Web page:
For all these reasons, new studies with more detailed and better described analytical methodologies, normalized data on a dry matter basis, and discussion about those values that significantly differ from previously reported literature are urgently needed. It is recommended that standard methods from other product sectors be established or adapted to analyze the nutritional values of edible insects for the food market (and feed as well) and that a reference benchmark for the most commonly used analytical procedures be established.
In terms of nutritional composition, SP is primarily distinguished by its protein content, which is the most commonly reported variable in papers. The wide range of values found in the literature for protein content and AA profile requires further study, as do the variables that influence those values. When it comes to the FA profile, it is worth noting that the available literature agrees on identifying five major FAs that account for more than 97.1% of the total SP lipid content. The balance of these five main FAs has been shown to be influenced by diet and pupal age, but the sum of these five FAs is very consistent regardless of upstream conditions.

Author Contributions

Conceptualization, L.T., S.C., S.B., A.S. and A.D.Z.; methodology, S.B., F.M. and P.A.; software, S.B., F.M. and P.A.; validation, S.B., L.T., A.S. and S.C.; formal analysis, L.T. and A.S.; investigation, L.T. and A.S.; resources, S.B., F.M. and P.A.; data curation, L.T. and A.S.; writing—original draft preparation, L.T., A.S. and S.C.; writing—review and editing, L.T., A.S., S.C., A.D.Z., F.M., P.A. and S.B.; visualization, L.T. and A.S.; supervision, S.C. and A.D.Z.; project administration, S.C. and S.B; funding acquisition, S.C., L.T., S.B. and A.D.Z. All authors have read and agreed to the published version of the manuscript.


This research was funded by the funding programme “POR FESR 2014–2020 Regione del Veneto, Bando per il sostegno a progetti sviluppati da aggregazioni di imprese”. Project name: “SILK-PLUS: Rivalutazione dei sottoprodotti della filiera serica in campo cosmetico e alimentare”. Grant ID: 10223675.

Institutional Review Board Statement

Not applicable.

Informed Consent Statement

Not applicable.

Data Availability Statement

Not applicable.

Conflicts of Interest

The authors declare no conflict of interest. The funders had no role in the design of the study; in the collection, analyses, or interpretation of data; in the writing of the manuscript; or in the decision to publish the results.


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Figure 1. Representation of the procedure used to review and select the studies from which to extract the data for the current systematic review.
Figure 1. Representation of the procedure used to review and select the studies from which to extract the data for the current systematic review.
Insects 13 00644 g001
Table 1. Keywords employed to retrieve relevant records reporting data on silkworm food safety and composition. The first keyword refers to the species and any alternate names it may have. The second keyword refers to all the terms related to nutritional composition that have been investigated in this review, while the last keyword refers to food safety terms. The first keyword was searched in conjunction with the second or third, linking them with logical operators.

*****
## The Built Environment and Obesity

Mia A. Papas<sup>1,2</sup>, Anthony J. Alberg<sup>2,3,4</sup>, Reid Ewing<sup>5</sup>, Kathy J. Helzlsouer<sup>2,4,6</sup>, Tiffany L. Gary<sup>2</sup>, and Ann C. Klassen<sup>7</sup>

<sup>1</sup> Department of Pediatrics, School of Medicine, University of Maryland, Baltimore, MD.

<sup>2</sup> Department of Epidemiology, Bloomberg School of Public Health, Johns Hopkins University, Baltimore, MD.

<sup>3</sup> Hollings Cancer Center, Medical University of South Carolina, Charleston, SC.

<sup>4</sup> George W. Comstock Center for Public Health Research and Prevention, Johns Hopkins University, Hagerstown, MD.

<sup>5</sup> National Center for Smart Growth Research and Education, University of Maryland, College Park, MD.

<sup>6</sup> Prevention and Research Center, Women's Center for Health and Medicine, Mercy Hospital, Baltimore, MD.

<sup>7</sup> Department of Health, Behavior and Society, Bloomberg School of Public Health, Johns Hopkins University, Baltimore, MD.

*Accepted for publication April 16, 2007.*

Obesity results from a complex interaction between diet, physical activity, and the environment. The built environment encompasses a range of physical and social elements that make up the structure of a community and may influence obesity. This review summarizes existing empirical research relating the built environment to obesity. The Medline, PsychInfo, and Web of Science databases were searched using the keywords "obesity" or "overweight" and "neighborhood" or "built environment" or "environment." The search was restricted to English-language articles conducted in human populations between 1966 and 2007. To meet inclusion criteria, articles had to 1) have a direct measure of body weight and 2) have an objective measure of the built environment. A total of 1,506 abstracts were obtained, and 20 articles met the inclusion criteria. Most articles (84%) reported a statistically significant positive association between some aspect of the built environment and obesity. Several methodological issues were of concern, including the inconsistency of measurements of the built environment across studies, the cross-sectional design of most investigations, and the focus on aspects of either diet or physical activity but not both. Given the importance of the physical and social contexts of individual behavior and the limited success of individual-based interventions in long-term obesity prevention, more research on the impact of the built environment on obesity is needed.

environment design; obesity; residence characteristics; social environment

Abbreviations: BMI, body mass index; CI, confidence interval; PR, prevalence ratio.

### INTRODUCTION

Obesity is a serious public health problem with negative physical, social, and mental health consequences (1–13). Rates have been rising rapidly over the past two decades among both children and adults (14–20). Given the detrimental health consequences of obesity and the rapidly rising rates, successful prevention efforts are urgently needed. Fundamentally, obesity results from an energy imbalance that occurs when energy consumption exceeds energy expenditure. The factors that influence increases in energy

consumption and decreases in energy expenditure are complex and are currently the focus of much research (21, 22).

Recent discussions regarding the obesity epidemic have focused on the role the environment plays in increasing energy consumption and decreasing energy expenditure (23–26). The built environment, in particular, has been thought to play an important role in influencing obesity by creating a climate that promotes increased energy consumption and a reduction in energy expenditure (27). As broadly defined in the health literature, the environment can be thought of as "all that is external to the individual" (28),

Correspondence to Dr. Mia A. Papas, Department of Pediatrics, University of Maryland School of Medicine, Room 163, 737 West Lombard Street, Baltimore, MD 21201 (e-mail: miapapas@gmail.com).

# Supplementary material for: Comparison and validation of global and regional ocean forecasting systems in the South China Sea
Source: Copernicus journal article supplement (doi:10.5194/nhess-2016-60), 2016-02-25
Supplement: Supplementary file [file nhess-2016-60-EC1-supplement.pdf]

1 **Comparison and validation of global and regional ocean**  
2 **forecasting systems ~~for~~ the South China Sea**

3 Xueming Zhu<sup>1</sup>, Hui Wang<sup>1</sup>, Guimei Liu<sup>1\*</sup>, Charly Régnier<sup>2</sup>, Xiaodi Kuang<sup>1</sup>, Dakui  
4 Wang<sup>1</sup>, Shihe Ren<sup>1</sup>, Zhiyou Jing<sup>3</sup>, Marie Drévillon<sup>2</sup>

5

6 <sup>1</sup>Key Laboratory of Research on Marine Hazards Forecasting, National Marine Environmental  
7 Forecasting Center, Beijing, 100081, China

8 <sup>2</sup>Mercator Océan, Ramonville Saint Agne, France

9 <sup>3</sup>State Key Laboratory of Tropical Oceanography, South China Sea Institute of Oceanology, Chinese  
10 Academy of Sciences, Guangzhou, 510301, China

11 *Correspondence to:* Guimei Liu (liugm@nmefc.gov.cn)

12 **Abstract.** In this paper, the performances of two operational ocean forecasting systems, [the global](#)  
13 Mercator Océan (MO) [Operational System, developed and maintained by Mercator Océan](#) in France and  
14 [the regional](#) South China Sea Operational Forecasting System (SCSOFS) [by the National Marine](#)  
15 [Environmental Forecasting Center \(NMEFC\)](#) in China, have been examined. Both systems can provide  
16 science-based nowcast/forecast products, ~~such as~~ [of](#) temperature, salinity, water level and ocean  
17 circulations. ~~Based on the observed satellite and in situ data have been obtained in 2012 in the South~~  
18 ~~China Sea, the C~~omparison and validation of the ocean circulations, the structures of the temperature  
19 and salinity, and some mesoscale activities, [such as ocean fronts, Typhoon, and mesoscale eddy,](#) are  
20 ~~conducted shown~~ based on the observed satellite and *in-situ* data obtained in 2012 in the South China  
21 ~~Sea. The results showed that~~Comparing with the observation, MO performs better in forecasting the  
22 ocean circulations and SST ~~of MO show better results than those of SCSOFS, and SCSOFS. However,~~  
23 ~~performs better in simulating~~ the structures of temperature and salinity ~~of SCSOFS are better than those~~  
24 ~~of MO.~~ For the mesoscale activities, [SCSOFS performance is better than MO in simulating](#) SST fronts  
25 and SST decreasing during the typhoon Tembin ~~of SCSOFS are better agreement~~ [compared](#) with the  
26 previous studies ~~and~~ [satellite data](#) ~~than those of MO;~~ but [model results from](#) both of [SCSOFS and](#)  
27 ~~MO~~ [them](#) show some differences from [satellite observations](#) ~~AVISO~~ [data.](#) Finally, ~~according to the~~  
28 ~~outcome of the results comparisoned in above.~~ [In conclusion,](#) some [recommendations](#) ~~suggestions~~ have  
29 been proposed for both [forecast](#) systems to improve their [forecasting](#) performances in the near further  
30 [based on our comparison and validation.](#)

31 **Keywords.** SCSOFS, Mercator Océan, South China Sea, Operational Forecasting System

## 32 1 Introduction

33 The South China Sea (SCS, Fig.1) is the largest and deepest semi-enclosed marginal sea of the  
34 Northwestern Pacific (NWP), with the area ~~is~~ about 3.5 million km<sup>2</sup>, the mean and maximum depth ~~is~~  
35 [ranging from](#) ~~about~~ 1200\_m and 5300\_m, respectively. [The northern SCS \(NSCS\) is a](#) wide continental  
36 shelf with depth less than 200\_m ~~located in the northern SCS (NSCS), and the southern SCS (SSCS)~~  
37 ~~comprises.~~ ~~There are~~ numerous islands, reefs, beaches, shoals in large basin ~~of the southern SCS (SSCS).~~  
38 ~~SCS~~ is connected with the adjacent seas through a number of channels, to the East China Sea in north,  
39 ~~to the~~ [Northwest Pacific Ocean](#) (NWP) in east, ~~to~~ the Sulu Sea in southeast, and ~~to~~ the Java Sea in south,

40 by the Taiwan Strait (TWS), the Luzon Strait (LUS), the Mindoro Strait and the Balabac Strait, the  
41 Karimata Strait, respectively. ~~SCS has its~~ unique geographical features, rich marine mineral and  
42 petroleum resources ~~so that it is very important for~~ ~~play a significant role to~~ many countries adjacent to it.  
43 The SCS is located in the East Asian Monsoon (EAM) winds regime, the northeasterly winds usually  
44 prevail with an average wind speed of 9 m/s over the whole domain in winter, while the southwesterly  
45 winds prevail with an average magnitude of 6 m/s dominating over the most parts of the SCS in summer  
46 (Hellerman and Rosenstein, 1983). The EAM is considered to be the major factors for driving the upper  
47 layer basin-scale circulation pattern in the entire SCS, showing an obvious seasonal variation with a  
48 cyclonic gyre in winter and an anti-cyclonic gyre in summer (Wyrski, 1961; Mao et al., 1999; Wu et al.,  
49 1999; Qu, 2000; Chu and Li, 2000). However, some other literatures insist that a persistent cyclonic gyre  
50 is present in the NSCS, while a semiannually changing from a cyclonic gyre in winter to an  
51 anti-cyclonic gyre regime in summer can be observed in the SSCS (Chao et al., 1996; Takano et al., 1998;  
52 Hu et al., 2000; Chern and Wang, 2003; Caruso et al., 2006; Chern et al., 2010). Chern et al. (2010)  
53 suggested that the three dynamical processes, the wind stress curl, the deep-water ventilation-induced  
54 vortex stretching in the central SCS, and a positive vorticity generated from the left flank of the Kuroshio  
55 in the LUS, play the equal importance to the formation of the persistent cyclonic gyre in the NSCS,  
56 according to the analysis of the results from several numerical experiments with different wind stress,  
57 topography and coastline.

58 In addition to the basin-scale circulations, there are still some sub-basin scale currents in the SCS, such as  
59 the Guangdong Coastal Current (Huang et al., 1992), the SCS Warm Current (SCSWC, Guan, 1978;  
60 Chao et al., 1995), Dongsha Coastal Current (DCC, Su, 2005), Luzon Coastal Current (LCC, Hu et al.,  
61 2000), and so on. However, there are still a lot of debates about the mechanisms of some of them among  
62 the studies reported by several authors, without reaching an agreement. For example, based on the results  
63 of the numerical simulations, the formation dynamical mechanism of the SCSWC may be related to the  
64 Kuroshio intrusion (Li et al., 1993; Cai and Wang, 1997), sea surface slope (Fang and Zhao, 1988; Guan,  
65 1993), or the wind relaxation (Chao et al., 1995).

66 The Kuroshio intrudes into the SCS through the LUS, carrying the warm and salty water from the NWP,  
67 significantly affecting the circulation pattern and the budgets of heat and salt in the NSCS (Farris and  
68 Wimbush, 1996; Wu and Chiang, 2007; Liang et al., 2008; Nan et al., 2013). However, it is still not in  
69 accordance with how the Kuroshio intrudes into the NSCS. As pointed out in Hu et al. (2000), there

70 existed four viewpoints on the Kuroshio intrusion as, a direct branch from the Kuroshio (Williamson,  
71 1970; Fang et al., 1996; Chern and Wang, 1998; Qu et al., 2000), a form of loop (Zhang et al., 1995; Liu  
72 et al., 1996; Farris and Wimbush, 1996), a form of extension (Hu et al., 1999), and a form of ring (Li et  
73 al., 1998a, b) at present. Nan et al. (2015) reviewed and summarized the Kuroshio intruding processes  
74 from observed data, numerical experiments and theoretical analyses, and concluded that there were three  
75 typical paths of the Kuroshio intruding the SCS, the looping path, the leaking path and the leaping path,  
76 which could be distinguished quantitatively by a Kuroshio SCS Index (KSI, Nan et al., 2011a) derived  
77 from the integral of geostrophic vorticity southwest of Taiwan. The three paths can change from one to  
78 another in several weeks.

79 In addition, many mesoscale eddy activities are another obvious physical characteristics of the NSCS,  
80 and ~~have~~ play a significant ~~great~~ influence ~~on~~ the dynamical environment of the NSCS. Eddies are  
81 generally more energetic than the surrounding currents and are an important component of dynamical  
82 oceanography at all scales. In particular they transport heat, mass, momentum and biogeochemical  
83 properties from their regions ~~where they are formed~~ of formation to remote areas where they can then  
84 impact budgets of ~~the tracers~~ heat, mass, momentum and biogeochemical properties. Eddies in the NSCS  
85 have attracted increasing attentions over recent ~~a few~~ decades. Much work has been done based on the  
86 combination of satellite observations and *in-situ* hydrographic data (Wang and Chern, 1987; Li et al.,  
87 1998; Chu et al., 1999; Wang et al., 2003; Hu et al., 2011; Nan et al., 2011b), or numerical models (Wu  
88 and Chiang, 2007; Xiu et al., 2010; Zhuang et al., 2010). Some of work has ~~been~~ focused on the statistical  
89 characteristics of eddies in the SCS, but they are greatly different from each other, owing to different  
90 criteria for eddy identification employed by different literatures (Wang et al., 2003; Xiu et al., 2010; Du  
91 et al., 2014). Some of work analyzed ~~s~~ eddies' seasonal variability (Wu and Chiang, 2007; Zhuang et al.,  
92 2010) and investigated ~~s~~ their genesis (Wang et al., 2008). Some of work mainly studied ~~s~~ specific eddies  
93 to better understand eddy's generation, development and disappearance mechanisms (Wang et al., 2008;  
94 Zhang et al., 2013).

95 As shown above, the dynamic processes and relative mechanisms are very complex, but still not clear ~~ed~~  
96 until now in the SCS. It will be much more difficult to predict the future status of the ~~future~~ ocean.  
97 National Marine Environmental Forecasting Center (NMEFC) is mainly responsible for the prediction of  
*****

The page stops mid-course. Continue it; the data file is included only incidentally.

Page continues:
Table 1. Keywords employed to retrieve relevant records reporting data on silkworm food safety and composition. The first keyword refers to the species and any alternate names it may have. The second keyword refers to all the terms related to nutritional composition that have been investigated in this review, while the last keyword refers to food safety terms. The first keyword was searched in conjunction with the second or third, linking them with logical operators.
Keywords (Title/Abstract)
Bombyx OR Silkworm OR “silk worms” OR silkmoth OR “silk moths”ANDnutrition OR composition OR centesimal OR nutrient OR nutrients OR protein OR proteins peptide OR peptides OR aminoacid OR aminoacids OR “amino acid” OR “amino acids” OR acid OR acids OR polypeptide OR polypeptides OR fat OR fats OR lipid OR lipids OR “fatty acid” OR “fatty acids” OR “fatty alcohols” OR sugar OR sugars OR carbohydrate OR carbohydrates OR disaccharide OR disaccharides OR monosaccharide OR monosaccharides OR polysaccharide OR polysaccharides OR ash OR mineral OR minerals OR macronutrient OR macronutrients OR micronutrient OR micronutrients OR oligoelement OR oligoelements OR microelement OR microelements OR vitamin OR vitamins OR oil OR oils OR “trace element” OR “trace elements”ORsafety OR hazard OR hazards OR risk OR risks OR microorganism OR microorganisms OR pathogen OR pathogens OR contaminant OR contaminants OR contamination OR contaminations OR chemical OR chemicals OR toxic OR toxics OR toxicity OR metal OR metals OR toxin OR toxins OR allergy OR allergies OR allergen OR allergens OR allergic OR allergenic OR sensitization OR sensitisation OR cross-reactivity OR anaphylactic OR anaphylaxis OR poisoning OR poison OR compound OR compounds OR pesticide OR pesticides OR residual OR residue OR residues OR antibiotic OR antibiotics OR antiparasitic OR antiparasitics OR mycotoxin OR mycotoxins OR dioxin OR dioxins OR polluting OR pollutant OR pollutants
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MDPI and ACS Style

Tassoni, L.; Cappellozza, S.; Dalle Zotte, A.; Belluco, S.; Antonelli, P.; Marzoli, F.; Saviane, A. Nutritional Composition of Bombyx mori Pupae: A Systematic Review. Insects 2022, 13, 644.

AMA Style

Tassoni L, Cappellozza S, Dalle Zotte A, Belluco S, Antonelli P, Marzoli F, Saviane A. Nutritional Composition of Bombyx mori Pupae: A Systematic Review. Insects. 2022; 13(7):644.

Chicago/Turabian Style

Tassoni, Luca, Silvia Cappellozza, Antonella Dalle Zotte, Simone Belluco, Pietro Antonelli, Filippo Marzoli, and Alessio Saviane. 2022. "Nutritional Composition of Bombyx mori Pupae: A Systematic Review" Insects 13, no. 7: 644.